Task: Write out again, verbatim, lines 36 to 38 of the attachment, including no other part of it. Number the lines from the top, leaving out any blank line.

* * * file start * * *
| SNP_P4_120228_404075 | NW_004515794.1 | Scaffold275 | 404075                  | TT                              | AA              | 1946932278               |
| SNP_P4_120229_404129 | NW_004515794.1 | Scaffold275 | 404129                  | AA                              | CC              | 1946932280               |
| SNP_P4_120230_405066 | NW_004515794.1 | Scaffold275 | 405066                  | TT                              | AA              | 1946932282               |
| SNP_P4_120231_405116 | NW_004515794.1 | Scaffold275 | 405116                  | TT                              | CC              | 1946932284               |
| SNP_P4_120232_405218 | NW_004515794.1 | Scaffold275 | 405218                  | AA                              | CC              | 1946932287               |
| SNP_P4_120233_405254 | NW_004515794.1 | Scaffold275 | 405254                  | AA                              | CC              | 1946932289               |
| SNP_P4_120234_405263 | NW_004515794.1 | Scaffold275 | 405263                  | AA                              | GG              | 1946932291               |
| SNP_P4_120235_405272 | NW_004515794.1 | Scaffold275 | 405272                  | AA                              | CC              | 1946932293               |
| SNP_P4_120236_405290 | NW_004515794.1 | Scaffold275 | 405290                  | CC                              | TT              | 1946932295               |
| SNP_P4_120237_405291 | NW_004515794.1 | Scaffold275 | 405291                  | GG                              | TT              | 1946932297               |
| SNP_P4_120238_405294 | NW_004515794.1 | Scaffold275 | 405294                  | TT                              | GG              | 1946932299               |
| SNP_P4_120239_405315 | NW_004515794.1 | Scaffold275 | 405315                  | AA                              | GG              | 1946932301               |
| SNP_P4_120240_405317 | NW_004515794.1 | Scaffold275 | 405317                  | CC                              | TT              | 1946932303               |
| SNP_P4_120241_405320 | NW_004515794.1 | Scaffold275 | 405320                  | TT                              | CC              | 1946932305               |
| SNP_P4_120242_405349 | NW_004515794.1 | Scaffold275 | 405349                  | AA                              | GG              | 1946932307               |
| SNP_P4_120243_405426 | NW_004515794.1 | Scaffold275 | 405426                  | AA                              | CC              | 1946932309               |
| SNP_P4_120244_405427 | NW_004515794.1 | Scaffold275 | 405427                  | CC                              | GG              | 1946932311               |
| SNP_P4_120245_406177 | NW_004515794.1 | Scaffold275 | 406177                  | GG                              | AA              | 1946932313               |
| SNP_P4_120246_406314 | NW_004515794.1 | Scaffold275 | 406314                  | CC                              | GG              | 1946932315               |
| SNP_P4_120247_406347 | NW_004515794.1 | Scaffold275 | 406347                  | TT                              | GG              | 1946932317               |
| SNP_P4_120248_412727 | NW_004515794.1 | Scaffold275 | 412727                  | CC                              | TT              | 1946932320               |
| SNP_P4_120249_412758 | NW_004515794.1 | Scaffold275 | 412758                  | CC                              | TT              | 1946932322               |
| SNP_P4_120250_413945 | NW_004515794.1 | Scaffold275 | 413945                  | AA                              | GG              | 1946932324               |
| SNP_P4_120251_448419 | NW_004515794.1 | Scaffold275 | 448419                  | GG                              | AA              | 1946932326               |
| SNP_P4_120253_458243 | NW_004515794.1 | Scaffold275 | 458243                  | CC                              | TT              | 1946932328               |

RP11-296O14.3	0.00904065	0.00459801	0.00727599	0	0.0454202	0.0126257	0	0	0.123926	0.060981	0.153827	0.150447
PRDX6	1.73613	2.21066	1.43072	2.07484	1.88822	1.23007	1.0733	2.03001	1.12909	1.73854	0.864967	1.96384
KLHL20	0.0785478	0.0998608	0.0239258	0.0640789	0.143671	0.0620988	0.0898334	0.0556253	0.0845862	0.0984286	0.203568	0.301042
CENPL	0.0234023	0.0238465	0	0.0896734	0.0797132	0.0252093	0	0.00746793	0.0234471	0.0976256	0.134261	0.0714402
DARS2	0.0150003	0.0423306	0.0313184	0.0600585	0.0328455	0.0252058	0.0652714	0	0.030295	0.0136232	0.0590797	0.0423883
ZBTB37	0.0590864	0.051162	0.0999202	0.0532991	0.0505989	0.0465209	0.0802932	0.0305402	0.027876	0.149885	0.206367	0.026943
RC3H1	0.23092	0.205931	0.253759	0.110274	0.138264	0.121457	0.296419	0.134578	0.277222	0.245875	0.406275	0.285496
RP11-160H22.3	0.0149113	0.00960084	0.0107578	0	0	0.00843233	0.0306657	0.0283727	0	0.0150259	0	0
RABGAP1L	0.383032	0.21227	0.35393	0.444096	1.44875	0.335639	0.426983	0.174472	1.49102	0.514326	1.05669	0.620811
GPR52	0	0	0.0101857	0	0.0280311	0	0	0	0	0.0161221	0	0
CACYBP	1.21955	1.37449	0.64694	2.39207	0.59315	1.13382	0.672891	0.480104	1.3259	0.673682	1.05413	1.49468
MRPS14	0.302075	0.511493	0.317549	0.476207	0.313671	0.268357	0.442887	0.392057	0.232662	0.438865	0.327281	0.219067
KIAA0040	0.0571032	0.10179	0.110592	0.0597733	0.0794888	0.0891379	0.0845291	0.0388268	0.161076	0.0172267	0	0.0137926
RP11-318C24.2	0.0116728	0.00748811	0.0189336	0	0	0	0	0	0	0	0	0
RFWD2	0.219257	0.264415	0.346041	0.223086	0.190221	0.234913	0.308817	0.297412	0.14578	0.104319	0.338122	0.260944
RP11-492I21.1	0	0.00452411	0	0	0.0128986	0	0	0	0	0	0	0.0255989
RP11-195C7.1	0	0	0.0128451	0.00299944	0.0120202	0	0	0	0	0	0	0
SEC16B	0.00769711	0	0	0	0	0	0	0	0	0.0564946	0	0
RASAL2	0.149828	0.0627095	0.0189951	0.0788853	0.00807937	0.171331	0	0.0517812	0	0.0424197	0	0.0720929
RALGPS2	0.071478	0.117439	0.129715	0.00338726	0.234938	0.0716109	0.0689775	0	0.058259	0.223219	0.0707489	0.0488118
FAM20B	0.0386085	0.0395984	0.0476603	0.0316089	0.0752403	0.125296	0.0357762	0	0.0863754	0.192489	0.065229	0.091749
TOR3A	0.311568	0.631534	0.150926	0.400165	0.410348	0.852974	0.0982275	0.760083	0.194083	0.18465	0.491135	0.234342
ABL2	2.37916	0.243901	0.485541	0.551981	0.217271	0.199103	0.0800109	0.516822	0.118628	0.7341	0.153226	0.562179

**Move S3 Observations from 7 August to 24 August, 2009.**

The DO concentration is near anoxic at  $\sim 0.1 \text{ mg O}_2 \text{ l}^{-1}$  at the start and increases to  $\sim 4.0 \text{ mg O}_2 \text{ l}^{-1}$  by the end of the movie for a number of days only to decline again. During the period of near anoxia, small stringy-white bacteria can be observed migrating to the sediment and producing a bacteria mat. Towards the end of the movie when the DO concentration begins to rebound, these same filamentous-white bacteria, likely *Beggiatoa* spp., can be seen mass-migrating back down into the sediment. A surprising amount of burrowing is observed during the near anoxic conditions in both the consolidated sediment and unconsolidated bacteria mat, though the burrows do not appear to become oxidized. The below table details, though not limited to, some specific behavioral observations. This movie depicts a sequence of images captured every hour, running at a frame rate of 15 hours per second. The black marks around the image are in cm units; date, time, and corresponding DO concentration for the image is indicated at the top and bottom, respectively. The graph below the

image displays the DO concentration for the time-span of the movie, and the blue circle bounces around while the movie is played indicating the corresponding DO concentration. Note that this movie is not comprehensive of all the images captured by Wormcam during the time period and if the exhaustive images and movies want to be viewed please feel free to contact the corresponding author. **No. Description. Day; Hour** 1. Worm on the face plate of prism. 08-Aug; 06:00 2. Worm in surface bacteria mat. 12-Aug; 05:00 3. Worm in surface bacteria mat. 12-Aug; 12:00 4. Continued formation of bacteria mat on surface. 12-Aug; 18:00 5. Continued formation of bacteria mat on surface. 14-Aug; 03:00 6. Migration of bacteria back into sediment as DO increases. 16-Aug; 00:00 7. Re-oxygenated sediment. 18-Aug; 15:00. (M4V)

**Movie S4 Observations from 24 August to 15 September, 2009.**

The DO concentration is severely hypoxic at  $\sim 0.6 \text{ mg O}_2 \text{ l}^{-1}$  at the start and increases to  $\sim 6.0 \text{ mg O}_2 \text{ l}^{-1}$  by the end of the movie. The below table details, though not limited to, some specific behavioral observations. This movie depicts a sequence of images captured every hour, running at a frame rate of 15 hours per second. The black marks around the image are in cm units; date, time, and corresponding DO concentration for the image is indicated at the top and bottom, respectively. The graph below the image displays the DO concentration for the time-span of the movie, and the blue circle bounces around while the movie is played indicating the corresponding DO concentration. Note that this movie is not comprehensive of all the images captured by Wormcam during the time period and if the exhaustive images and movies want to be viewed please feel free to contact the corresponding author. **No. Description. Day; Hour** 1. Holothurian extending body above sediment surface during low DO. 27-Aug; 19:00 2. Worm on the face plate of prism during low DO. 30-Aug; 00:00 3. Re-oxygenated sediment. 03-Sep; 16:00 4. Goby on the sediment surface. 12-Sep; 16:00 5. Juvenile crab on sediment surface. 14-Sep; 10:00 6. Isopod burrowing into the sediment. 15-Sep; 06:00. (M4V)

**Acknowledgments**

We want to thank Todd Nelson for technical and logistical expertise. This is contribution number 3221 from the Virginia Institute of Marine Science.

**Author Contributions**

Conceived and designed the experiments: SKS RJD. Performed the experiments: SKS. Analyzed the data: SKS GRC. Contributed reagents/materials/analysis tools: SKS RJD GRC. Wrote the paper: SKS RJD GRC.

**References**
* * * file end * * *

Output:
CACYBP	1.21955	1.37449	0.64694	2.39207	0.59315	1.13382	0.672891	0.480104	1.3259	0.673682	1.05413	1.49468
MRPS14	0.302075	0.511493	0.317549	0.476207	0.313671	0.268357	0.442887	0.392057	0.232662	0.438865	0.327281	0.219067
KIAA0040	0.0571032	0.10179	0.110592	0.0597733	0.0794888	0.0891379	0.0845291	0.0388268	0.161076	0.0172267	0	0.0137926